• Eastern District of Pennsylvania: postponing trials scheduled to begin between March 13 and April 13; permitting electronic submission of initial case filings until April 13.

    • Eastern District of Texas: postponing jury trials scheduled to begin between March 1 and May 1.

  • State Courts:

    • California: continuing trial dates 60 days from the start of the previously scheduled trial dates; judges of County Superior Courts may petition the Chief Justice for an emergency order to support their local needs.

    • New York: suspending civil trials; tolling the statute of limitations until April 19; mandating that no paper or electronic filings will be accepted except those deemed essential per judicial order or by the presiding judge; appellate departments cancelling in-person oral arguments for the March/April term, and appeals may be decided based on written submissions; the First and Second Departments may allow arguments to be made via Skype, and attorneys appearing before the Third Department who do not wish to have their appeal decided on their written submissions may request a new date on the calendar.

    • Pennsylvania: extending the general, statewide judiciary emergency through April 30, which provides each district with authority to adopt measures to safeguard the health and safety of court personnel and members of the public; using this authority, the First Judicial District, which includes Philadelphia, closed effective March 17 with limited exceptions made for certain criminal and other urgent proceedings; in all courts, any papers or pleadings required to be filed between March 19 and April 30 shall be deemed to have been timely filed if they are filed by May 1, or later as permitted.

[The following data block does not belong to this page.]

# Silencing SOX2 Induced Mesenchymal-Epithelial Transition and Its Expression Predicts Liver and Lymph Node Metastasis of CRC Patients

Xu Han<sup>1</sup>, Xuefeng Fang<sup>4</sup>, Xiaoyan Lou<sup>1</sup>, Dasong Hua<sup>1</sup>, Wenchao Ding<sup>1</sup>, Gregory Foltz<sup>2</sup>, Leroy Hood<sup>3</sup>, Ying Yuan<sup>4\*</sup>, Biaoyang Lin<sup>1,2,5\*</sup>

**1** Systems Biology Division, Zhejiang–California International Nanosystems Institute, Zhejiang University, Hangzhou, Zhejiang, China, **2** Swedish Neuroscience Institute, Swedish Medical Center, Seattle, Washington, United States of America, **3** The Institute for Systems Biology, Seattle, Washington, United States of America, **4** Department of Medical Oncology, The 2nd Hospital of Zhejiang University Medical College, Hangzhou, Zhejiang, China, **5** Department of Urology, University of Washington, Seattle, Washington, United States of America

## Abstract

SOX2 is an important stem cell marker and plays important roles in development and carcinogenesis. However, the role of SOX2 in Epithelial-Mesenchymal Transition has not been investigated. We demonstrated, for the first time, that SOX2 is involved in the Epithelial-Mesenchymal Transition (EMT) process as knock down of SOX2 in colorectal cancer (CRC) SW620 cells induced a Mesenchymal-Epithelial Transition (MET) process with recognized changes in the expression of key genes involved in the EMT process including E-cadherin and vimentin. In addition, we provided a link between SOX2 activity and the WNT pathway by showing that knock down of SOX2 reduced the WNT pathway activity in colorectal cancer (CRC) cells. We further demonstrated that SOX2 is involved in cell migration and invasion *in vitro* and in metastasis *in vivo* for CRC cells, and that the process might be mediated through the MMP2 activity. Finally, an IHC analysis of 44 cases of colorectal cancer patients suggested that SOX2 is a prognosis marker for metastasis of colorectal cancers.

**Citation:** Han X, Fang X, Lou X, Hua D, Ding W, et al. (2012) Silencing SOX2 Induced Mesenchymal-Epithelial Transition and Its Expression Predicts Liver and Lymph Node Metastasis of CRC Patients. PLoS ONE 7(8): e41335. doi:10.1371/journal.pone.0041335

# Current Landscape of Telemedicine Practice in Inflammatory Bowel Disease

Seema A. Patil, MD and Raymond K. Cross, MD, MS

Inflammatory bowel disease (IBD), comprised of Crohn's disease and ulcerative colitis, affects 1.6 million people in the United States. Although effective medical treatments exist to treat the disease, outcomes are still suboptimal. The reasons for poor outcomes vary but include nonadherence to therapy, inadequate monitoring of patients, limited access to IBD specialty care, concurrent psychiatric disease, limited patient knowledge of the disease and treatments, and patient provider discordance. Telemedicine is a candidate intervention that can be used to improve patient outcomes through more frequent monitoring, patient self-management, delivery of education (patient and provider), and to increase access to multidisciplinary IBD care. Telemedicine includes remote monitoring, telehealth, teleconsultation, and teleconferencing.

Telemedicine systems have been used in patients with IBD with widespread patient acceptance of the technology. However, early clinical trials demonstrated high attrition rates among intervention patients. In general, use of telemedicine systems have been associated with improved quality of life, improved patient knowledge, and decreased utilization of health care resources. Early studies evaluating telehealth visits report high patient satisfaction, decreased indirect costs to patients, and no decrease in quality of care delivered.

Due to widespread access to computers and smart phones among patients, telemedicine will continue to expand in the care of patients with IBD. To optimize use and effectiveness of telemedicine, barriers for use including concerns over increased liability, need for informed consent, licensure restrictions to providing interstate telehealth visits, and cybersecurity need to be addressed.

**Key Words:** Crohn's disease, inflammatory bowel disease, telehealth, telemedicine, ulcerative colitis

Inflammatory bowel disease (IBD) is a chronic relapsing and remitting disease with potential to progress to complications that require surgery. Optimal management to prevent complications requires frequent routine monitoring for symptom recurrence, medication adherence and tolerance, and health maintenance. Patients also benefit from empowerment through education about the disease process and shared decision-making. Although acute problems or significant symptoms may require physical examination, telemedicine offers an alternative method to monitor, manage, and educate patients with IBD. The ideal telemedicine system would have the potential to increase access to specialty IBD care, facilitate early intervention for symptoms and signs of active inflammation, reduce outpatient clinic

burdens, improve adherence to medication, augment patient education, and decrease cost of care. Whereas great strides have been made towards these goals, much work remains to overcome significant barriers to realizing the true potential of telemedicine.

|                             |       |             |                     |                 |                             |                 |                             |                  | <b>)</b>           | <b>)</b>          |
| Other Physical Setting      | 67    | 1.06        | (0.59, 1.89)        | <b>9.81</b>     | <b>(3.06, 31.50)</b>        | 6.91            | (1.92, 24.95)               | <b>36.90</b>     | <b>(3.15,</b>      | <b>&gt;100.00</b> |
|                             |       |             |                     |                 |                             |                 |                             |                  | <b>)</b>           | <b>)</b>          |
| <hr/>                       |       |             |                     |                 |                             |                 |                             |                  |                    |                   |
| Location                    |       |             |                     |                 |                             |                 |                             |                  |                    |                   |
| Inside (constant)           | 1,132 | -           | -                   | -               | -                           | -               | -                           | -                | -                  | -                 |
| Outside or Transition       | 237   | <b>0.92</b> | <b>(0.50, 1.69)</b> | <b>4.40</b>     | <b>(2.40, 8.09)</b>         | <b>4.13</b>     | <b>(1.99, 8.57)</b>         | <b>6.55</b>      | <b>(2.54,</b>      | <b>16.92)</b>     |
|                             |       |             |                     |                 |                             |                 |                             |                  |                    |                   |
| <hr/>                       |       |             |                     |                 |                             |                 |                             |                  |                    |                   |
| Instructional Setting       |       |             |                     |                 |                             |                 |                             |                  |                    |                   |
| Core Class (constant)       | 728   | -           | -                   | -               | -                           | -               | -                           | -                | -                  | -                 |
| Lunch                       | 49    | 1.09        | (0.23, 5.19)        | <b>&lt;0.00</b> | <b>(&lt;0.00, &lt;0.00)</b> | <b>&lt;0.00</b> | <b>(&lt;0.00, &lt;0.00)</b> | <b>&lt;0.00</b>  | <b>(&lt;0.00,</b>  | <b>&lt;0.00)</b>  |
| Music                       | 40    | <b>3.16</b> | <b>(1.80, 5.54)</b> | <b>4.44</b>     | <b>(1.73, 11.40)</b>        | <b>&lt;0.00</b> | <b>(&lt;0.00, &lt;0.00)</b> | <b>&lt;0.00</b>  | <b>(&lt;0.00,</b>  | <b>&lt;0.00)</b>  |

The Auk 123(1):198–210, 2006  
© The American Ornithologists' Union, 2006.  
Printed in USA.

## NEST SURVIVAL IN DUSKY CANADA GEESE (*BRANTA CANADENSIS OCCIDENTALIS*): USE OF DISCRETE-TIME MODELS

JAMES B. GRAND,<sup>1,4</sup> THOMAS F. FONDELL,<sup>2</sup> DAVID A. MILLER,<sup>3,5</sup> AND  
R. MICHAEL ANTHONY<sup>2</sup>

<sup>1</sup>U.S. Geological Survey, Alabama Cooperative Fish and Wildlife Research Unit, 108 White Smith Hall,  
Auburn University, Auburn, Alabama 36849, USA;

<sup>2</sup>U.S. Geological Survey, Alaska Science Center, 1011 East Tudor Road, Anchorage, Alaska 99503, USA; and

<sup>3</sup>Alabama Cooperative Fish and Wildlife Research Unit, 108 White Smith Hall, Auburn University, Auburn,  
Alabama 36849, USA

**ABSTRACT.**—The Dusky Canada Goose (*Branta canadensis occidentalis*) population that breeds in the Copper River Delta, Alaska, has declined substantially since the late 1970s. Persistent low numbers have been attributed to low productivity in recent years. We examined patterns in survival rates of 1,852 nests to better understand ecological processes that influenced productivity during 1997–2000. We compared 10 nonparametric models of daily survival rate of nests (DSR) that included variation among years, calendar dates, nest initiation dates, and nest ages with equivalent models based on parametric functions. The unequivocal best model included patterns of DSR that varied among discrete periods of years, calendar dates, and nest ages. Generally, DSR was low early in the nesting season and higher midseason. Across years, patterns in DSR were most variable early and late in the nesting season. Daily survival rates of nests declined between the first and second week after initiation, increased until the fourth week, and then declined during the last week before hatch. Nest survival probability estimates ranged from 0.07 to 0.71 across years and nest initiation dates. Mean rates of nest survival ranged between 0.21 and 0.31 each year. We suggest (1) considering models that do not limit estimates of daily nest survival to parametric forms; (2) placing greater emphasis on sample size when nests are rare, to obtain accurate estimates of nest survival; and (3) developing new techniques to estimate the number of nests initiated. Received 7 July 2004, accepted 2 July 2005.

The situation is fluid, and for the most up-to-date information, consult courts’ websites.

Case-By-Case Approach

Even though many courts have automatically extended certain deadlines or even statute of limitations periods, in nearly all cases, individual judges retain discretion to override or expand those decisions for cases on their own calendar. For example, it is wise to pay particular attention to whether an individual judge has suspended requirements for sending courtesy copies to chambers.

Anecdotal evidence supports that some courts are probing even joint extension requests, requiring the parties to establish that COVID-19 in fact justifies a delay. In such cases, the chances of securing extensions will be higher when the parties can document the specific obstacles they face, for example, the need for travel, physical evidence, or to involve medical personnel or others who are on the frontlines of the fight against COVID-19.